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Afghanistan Debacle Could Preview Biden’s Dealings With China – OpEd

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With desperate Afghans clinging to departing American airplanes, the fall of Afghanistan is being compared to the American evacuation of Saigon in 1975. The Taliban takeover may also preview how President Joe Biden would handle a military confrontation with China, perhaps over Taiwan.

As vice president, Biden got control of China policy through the work of longtime Democrat activist Thomas Donilon. Despite a questionable record as a lobbyist with Fannie Mae, then President Obama picked Donilon for national security adviser, which even troubled leftist writers such as Robert Scheer of Truthdig.

In “Duty: Memoirs of a Secretary at War,” Robert Gates wrote that Donilon characterized the U.S. military as “in revolt” and “insubordinate.” Donilon “bridled” when Gen. Stanley McChrystal announced a “counterinsurgency” strategy in Afghanistan. It disturbed Donilon that U.S. troops might actually defeat their enemies.

But Donilon was soft on China. The Biden loyalist disagreed that “a rising power and an established power are somehow destined for conflict.” As Donilon saw it, “a deeper U.S.-China military-to-military dialogue is central to addressing many of the sources of insecurity and potential competition between us.”

Biden revealed similar views with his 2020 comment that the Chinese were “not bad folks” and “not competition for us.” As Thomas Wright noted in The Atlantic on June 9, Biden now “worries that they are competition for America, and not only that—they might win. This belief underpins the Biden doctrine.”

For Biden, according to Wright, China’s strengths are overstated, and the United States can afford to be patient and restrained. Washington must stand up for its interests but must support peaceful coexistence with China. For Biden, this is not a new trend.

Biden voted against strong sanctions on communist China as a response to the Tiananmen Square massacre. In 1998, the United States again proposed sanctions on China, including visa restrictions, and Biden was part of a group of 10 senators who opposed the measures.

In 2001, Biden, then head of the Senate Foreign Relations Committee, supported China’s entry to the World Trade Organization. As he explained, “The United States welcomes the emergence of a prosperous, integrated China on the global stage, because we expect this is going to be a China that plays by the rules.” With currency manipulation, espionage, and theft of intellectual property, it didn’t exactly turn out that way.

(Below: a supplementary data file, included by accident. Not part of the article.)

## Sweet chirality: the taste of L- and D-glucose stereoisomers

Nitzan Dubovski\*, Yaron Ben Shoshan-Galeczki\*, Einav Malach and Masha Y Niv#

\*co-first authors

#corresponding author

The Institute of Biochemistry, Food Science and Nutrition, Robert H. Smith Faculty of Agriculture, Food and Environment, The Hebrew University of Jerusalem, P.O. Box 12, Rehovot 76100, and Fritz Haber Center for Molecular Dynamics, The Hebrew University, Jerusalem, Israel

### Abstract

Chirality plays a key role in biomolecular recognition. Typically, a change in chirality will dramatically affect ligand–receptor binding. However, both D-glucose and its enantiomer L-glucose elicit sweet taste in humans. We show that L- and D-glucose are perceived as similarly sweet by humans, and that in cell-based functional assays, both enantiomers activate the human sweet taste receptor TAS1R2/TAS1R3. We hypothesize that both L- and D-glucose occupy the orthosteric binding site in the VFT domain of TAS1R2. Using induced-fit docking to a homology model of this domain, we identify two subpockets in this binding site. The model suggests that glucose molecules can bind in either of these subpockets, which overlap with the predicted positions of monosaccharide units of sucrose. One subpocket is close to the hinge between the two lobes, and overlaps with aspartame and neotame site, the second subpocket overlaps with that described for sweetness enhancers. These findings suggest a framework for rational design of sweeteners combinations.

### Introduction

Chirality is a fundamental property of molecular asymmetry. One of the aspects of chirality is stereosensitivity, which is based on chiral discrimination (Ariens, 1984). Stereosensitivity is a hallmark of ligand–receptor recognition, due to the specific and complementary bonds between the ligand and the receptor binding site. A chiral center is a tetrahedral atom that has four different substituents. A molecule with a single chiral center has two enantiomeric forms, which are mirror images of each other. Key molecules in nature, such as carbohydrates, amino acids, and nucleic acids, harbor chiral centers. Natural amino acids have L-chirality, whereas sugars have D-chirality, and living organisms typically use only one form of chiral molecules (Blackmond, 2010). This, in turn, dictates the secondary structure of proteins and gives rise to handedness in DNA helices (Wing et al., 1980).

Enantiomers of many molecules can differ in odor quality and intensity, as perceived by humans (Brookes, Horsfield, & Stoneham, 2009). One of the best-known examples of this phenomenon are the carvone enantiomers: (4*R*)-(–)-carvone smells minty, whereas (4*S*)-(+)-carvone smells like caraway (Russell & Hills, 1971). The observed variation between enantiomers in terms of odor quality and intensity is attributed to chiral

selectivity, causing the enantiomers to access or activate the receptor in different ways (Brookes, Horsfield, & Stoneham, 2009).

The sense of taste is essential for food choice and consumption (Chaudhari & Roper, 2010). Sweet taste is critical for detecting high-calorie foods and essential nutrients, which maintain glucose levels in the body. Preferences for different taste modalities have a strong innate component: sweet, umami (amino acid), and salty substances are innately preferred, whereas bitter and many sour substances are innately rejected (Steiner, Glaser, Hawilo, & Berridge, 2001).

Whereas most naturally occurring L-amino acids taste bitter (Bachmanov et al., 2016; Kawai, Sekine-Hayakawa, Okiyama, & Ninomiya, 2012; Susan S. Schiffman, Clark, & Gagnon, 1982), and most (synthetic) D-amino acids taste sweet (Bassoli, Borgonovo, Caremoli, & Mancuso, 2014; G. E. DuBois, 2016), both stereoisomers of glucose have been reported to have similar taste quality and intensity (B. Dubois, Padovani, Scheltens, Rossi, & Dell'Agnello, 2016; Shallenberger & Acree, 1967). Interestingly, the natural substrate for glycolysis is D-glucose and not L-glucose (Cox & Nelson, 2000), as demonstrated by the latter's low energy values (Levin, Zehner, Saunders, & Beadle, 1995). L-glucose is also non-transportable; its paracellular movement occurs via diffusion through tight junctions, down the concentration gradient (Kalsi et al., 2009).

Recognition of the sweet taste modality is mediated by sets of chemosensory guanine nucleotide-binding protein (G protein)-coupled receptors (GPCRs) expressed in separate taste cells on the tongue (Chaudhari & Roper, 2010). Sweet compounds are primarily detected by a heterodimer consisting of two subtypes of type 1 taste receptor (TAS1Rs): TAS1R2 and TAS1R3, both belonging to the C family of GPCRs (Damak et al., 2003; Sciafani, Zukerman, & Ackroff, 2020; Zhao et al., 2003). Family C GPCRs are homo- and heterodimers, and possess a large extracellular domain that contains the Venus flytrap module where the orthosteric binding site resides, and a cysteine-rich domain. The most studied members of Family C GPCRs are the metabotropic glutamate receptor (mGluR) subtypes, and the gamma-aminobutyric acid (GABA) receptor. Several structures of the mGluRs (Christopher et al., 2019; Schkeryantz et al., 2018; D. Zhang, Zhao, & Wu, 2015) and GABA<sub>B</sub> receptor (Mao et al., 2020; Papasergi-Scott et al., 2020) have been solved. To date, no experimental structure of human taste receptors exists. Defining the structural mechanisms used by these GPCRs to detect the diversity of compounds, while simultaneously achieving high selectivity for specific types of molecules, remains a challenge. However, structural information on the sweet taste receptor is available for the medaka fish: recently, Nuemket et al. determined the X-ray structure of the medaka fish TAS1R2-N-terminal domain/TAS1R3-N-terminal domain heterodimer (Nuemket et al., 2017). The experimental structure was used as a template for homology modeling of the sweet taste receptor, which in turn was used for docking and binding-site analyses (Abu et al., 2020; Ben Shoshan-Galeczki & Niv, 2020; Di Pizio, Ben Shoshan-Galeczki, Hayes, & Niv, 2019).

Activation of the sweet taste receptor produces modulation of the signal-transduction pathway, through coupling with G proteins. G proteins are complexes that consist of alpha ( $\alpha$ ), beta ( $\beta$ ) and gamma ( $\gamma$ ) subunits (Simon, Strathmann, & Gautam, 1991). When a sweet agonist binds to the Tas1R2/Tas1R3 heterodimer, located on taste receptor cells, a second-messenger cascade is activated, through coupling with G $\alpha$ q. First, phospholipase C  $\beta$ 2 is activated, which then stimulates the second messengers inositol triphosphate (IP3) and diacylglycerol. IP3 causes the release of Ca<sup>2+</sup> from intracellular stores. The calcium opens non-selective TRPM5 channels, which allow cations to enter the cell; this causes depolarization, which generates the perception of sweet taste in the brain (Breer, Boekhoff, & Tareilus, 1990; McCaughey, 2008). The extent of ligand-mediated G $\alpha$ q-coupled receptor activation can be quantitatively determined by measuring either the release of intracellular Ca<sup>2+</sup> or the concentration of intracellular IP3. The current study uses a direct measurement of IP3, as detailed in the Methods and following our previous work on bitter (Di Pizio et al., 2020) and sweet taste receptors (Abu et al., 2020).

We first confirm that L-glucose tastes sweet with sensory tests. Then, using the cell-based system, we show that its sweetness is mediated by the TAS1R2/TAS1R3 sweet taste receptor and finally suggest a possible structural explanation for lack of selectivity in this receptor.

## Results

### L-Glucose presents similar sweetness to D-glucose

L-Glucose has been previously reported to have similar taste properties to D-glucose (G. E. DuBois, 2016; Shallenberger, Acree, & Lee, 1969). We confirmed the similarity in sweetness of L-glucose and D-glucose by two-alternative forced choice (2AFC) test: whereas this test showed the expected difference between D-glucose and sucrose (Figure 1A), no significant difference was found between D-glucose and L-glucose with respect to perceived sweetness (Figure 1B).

On Biden’s watch as vice president, China ramped up internal repressions and became more aggressive, modernizing its military and creating island bases that put key U.S. allies and interests at risk. In 2020, on the anniversary of the Tiananmen Square massacre, Biden called for “recommitting to the universal struggle for human dignity” but offered no direct criticism of the Chinese regime.

Biden never offered the equivalent of former President Ronald Reagan’s “tear down this wall” speech, or his strategy on the Cold War, “we win, they lose.” In the escalating competition with China, Biden is afraid China might win. Biden is also on record that the “most lethal threat to the homeland today” is not China but “terrorism from white supremacy,” not even radical Islamic terrorism.

Biden may believe that China is indeed competition for the United States, but he’s never gone back on the “not bad folks” description. What Biden says on his own more accurately represents the Delaware Democrat than the speeches penned by his handlers.

Biden recently extended temporary safe haven for some Hong Kong residents in the United States. For their part, residents of Taiwan might wonder how the White House would respond should China move militarily against that nation. Would that be an occasion for the China-U.S. military-to-military “dialogue” that Biden’s mentor Tom Donilon wanted?

“Taiwan has no U.S. forces and no assurance that the United States will come to their defense if attacked by China,” Stephen Bryen explains. “Stability in the Pacific depends on strong and visible U.S. resolve and U.S.-led deterrence. That seems to be at risk right now. The signals coming from Washington are anything but positive.” That’s something the people of Afghanistan are certain to understand.

This article was also published in The Epoch Times

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K. Lloyd Billingsley

K. Lloyd Billingsley is a Policy Fellow at the Independent Institute and a columnist at The Daily Caller.

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